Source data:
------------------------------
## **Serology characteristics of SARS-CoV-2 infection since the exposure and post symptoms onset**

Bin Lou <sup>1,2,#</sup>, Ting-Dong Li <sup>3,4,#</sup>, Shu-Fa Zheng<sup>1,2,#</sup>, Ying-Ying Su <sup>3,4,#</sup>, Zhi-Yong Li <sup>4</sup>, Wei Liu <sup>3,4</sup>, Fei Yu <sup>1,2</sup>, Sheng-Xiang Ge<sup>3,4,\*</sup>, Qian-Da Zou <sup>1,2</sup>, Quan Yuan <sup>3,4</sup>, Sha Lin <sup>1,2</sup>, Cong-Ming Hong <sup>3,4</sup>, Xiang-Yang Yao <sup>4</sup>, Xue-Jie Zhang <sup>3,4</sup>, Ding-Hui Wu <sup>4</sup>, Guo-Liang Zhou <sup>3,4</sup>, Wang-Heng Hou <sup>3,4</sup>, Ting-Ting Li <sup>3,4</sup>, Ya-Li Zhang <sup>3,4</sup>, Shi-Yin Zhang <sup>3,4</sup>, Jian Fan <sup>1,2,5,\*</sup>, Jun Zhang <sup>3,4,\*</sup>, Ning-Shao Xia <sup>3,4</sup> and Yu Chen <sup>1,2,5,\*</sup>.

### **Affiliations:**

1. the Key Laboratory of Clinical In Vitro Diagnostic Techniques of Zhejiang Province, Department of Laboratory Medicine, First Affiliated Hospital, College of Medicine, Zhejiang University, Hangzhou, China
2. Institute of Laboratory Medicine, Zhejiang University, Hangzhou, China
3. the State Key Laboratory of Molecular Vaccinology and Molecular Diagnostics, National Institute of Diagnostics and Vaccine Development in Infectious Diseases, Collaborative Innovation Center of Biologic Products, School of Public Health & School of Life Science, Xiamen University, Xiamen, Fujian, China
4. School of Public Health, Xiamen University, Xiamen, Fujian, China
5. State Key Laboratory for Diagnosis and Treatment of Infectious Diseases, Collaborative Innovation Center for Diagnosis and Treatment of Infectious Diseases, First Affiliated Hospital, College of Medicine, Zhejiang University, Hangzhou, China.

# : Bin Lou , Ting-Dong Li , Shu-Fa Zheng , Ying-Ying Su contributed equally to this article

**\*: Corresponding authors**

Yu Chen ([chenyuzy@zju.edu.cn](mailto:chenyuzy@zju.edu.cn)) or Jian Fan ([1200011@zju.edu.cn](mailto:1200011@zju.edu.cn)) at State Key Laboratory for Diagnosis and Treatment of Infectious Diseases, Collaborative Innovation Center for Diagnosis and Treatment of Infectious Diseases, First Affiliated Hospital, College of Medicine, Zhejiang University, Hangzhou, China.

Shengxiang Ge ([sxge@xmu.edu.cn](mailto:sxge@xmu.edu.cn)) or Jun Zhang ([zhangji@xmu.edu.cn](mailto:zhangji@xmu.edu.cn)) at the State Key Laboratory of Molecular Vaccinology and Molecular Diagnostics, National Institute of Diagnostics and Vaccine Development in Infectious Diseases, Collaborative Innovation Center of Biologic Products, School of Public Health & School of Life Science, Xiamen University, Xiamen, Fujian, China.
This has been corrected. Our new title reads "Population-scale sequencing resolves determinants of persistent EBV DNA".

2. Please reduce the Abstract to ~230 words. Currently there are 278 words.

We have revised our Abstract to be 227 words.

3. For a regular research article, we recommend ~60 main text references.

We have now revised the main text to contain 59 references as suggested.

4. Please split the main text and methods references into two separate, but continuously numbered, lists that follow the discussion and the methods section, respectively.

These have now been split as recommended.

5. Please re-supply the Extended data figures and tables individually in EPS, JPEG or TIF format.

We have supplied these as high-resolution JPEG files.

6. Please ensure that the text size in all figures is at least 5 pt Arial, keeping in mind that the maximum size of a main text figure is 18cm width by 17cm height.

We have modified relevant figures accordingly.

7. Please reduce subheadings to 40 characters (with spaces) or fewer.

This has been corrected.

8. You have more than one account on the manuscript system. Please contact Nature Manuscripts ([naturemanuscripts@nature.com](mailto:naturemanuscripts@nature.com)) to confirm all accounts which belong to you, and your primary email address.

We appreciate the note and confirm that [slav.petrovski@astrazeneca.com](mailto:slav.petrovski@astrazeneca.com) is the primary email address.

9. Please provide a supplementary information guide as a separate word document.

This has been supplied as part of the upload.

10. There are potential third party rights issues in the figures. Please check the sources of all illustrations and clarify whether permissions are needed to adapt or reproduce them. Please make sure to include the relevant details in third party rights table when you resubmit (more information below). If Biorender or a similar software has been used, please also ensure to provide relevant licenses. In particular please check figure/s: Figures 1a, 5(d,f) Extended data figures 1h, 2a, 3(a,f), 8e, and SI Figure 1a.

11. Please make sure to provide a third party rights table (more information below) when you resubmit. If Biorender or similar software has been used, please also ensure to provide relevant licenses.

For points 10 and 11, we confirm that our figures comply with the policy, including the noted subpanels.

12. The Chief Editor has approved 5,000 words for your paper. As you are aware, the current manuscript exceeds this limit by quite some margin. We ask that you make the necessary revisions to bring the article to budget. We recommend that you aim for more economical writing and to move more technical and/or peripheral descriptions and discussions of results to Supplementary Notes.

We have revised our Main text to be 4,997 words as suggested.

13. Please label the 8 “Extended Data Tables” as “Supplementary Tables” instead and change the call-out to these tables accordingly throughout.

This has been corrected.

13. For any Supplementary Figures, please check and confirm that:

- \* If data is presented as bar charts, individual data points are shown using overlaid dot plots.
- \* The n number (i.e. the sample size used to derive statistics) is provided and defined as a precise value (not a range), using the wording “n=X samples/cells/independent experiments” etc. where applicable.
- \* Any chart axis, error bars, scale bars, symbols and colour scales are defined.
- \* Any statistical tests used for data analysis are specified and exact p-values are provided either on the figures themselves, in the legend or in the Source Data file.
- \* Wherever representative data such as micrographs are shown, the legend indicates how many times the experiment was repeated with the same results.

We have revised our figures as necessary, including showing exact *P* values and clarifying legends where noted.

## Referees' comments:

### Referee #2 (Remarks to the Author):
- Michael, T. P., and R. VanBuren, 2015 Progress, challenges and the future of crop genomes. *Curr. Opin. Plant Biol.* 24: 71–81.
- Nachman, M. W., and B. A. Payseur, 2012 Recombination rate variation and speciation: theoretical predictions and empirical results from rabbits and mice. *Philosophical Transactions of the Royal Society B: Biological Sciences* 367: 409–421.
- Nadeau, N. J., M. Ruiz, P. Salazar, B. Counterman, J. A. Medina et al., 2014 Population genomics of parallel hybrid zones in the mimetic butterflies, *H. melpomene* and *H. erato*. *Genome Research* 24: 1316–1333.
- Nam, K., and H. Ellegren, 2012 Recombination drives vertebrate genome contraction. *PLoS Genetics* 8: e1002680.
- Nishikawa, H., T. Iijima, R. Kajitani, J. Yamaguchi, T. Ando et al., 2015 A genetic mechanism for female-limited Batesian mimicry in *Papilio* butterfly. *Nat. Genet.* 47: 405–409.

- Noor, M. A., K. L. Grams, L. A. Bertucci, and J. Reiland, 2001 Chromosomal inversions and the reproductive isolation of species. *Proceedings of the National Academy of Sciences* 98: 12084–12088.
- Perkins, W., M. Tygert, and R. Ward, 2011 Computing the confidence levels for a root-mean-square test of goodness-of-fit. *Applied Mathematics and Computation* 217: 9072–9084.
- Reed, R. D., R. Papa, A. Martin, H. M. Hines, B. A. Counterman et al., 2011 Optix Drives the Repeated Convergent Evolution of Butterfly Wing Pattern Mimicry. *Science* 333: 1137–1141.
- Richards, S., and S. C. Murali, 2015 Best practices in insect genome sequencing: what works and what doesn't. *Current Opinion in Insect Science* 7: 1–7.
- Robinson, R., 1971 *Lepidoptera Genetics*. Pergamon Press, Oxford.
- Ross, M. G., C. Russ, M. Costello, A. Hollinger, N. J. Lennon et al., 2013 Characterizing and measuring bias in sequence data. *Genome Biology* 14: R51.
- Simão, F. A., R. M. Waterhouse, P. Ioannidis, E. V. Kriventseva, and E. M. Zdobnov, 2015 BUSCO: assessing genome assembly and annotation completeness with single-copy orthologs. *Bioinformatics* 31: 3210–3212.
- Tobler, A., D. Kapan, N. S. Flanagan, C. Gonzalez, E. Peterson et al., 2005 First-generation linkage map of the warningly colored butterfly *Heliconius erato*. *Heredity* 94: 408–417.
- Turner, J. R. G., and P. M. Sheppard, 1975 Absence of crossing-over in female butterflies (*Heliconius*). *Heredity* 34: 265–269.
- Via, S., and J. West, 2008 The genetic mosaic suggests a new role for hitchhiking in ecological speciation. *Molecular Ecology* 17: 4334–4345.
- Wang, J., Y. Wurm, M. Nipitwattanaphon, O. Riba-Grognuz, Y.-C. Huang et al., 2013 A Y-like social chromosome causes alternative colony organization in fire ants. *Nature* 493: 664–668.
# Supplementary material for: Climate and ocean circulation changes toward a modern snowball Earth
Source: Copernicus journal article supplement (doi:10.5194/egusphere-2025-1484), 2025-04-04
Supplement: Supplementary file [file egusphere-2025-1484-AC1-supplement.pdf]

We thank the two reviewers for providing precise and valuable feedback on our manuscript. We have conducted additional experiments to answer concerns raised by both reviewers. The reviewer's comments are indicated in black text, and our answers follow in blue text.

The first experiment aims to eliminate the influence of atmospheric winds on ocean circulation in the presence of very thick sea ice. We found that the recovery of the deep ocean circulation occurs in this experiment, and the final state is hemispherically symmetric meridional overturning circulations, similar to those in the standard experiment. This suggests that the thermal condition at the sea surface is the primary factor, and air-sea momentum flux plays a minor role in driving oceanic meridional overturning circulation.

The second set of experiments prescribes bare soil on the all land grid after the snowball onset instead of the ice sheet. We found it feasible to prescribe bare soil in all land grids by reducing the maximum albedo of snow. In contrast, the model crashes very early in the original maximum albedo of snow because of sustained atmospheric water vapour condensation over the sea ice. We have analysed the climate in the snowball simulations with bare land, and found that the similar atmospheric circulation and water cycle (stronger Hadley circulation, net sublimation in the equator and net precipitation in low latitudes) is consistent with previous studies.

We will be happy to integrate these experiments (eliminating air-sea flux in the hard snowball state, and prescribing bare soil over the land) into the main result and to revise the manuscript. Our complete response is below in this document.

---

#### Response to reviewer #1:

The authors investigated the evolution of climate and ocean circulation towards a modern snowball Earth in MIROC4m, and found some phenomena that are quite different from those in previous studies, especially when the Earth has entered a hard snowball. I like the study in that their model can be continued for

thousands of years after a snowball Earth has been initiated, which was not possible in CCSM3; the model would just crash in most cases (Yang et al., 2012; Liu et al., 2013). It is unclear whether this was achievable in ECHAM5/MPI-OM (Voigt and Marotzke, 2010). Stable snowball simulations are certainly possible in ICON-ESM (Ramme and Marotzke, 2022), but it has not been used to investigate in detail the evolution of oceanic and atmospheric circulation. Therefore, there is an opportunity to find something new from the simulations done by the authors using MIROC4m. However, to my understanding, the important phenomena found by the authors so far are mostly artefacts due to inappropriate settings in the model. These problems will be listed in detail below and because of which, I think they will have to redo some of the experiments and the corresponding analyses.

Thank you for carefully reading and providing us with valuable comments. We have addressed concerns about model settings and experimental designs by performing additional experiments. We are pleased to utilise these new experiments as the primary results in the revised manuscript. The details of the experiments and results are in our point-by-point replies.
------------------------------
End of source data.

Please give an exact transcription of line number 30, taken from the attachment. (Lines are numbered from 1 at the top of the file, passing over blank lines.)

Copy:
10. There are potential third party rights issues in the figures. Please check the sources of all illustrations and clarify whether permissions are needed to adapt or reproduce them. Please make sure to include the relevant details in third party rights table when you resubmit (more information below). If Biorender or a similar software has been used, please also ensure to provide relevant licenses. In particular please check figure/s: Figures 1a, 5(d,f) Extended data figures 1h, 2a, 3(a,f), 8e, and SI Figure 1a.